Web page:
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Ideas for Leaders Merryn Rutledge, Ed. D, GPCC, ACC
Board Certified Coach • Principal, ReVisions LLC
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Why Certifications Matter 

I admit it, I'm a convert! Coaches with certifications have studied coaching as a discipline, worked with mentor coaches, and coached for many hours. To maintain certification, we must continue to work with mentors, take course and, as always, follow strict ethical guidelines.

In addition, Gestalt Professional Certified Coaches (GPCC) distinguish ourselves by discovery-based coaching. That is, our emphasis on developing awareness—our own and our clients’—complements more conventional approaches I learned in order to be a Board Certified Coach and to be credentialed by the International Coaching Federation.

Continuous Learning

I received a third coaching certification this summer: International Coaching Federation Associate Accredited Coach. I return to the Gestalt Institute of Cleveland this year for an intensive program in embodied coaching. I will learn more about using body awareness to help you learn and change.

Leadership Habits

If “you’re the boss, but you still spend too much time on the day-to-day…” read 6 Habits of True Strategic Thinkers. Do you have all six habits?

COACHING AND MEASURABLE RESULTS

Measurable results are often seen as the sine qua non of all aspects of business. In my business, we often think of results in terms of Return on Investment (ROI). I can understand demands to prove ROI, even as I tend to push back when people narrowly define what to measure and how. Recently, I pushed back when a CEO I was working with focused on financial return even when thinking about “investing” in his people.

Related to the way we see business results is the common characterization of skills as “hard” and “soft.” This description makes “soft” skills sound squishy, fluffy, and not essential. Yet in interviews I did for a manufacturing company this summer, employees were crystal clear about behaviors that both the CEO and Director of Operations use in order to lead effectively. Employees were equally clear about the results of effective leadership: they work hard, constantly improve products and teamwork, and definitely want to continue to work there. As I see it, there is nothing “soft” either about effective leadership or the results.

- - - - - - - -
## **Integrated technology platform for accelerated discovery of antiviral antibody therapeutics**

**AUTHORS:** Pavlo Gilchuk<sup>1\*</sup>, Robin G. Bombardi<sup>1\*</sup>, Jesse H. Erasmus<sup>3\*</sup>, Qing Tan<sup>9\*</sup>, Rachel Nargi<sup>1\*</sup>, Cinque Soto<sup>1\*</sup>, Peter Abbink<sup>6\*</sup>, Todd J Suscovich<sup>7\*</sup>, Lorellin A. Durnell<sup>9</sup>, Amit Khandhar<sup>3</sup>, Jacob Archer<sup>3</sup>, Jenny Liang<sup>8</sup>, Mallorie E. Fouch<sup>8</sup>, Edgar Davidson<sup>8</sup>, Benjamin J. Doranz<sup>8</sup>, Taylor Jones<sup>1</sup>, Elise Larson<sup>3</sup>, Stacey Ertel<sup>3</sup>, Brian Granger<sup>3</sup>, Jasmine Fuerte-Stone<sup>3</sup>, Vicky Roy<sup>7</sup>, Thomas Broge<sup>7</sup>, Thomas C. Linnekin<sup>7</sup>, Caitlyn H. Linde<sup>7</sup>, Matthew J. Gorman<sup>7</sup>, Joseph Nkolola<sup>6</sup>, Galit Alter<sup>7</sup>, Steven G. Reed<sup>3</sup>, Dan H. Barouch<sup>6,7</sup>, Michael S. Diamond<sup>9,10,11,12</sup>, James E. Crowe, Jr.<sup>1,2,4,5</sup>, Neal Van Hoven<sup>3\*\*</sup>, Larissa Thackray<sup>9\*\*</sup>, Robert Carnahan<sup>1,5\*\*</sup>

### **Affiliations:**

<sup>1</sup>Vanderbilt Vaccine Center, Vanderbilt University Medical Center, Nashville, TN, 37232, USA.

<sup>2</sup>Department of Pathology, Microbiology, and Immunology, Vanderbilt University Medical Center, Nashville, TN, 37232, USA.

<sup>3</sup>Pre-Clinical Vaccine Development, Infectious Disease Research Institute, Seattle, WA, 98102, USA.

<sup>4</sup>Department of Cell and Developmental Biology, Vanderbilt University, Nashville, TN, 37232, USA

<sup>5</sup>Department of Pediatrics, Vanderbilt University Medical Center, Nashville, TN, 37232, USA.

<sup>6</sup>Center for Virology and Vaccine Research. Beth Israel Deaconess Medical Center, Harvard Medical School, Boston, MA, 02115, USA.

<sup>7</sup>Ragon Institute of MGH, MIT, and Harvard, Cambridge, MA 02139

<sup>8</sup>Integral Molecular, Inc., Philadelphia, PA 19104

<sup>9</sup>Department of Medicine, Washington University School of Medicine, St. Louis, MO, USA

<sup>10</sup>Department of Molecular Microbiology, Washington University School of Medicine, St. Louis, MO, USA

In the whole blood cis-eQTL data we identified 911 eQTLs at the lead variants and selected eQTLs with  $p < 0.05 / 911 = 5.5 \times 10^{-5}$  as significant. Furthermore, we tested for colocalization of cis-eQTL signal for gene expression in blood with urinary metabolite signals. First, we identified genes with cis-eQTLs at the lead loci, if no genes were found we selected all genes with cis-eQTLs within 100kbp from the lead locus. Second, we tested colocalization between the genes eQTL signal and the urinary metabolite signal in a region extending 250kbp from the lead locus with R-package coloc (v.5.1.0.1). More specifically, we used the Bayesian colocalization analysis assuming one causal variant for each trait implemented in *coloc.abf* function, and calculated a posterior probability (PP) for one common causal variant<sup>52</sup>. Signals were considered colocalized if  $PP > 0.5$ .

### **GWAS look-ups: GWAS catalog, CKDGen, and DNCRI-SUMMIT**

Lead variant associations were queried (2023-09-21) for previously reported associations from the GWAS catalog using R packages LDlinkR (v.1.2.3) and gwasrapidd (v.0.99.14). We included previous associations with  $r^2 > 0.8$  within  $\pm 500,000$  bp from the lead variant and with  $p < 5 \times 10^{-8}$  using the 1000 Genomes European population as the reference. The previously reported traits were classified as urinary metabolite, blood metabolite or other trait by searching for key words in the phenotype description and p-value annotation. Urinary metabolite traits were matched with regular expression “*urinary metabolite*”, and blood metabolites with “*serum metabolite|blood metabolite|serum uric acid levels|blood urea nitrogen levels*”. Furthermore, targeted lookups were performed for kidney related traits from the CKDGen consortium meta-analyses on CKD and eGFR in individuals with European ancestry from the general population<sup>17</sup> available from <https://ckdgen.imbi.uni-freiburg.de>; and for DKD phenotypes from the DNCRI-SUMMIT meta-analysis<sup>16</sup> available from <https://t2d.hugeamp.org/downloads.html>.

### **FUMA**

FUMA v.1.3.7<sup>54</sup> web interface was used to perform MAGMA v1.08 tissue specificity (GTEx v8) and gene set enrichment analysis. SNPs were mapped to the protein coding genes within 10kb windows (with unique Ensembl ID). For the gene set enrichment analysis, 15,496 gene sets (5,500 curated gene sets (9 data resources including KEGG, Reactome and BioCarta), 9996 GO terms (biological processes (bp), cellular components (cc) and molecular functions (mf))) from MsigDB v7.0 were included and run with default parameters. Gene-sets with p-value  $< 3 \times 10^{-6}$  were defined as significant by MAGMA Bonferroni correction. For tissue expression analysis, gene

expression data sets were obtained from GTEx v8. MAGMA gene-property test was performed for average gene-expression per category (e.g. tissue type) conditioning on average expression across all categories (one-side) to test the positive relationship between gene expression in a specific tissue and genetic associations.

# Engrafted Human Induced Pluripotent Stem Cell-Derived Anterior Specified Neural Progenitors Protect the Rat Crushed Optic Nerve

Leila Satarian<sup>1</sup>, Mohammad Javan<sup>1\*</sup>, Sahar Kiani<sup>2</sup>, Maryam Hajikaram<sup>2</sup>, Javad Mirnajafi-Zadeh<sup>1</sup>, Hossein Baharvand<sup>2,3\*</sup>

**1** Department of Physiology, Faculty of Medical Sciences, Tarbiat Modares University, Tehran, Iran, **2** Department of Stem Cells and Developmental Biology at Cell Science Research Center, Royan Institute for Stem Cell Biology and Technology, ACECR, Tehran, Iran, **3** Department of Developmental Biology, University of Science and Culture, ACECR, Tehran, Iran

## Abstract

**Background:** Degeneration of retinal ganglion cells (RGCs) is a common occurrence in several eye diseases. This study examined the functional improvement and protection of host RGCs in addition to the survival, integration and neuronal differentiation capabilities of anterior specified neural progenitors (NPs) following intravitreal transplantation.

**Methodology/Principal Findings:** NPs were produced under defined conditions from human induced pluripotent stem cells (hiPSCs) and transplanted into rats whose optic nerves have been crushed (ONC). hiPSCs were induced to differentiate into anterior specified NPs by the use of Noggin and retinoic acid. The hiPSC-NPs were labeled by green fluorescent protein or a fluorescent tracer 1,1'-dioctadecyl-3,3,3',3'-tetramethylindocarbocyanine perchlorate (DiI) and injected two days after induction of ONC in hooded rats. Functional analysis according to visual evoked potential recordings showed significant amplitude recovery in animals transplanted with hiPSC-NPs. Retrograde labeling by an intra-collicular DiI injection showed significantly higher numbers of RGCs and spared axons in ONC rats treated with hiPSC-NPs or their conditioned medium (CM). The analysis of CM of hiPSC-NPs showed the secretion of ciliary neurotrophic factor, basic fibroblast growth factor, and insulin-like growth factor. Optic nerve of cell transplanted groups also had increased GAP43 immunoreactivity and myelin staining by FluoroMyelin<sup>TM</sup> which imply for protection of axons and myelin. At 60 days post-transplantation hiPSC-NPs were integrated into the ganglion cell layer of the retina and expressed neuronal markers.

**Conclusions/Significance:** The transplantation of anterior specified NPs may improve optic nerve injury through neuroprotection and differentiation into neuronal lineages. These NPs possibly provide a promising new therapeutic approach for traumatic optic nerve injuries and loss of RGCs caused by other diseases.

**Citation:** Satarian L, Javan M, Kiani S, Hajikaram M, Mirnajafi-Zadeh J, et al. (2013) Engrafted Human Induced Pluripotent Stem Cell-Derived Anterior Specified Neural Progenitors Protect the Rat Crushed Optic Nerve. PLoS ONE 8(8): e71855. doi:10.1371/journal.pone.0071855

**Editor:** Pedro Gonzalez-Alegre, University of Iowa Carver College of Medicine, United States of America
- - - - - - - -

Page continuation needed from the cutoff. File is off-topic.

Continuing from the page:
How do we think about the results of coaching, which deals with both skill development and, as I practice it, transformation. Skill development can be difficult to measure, which is probably why it is (wrongly) characterized as "soft." And transformation? Wow—even more difficult to measure. Or is it?

Studies of coaching ROI can tell us about improvements in skill sets. For example, one study of the results of providing coaching to Executive Directors showed statistically significant improvements in these areas:
• The ability to communicate well with staff and board.
• Clarity of leaders’ vision for the organization, “as well as staff and Board alignment with the mission.”
• The leaders’ experience of work as challenging in a positive way.
• Reducing stress and burnout. (Compasspoint, 2003)

Now think about how you know when transformation happens. Think of someone who helped you make a significant discovery about yourself and your potential. Here is an example: Steve Jobs was a goof-off until a teacher showed genuine curiosity about him, watched how he learned, experimented with activities that motivated him, and believed in him from beginning to end. Jobs quickly learned to love school and became a voracious learner. (Isaacson, 2011).

Who helped you grow by believing in you, paying close attention, showing insight into what makes you the best you can be, and helping you find and practice ways to LIVE that at work? How did you respond? What changed in you? Imagine such a person walking beside you as a coach.

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Copyright (c) 2012 Dr. Merryn Rutledge.
Early Fall 2012 • Volume 15 • Number 4

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ReVisions LLC coaching leaders & consulting for organizational change

Dr. Merryn Rutledge, Principal
ReVisions LLC 233 Van Patten Parkway Burlington, Vermont 05408

Ph.: (802) 863-7084
Fax: (802) 860-7183
mr@revisions.org
http://www.revisions.org

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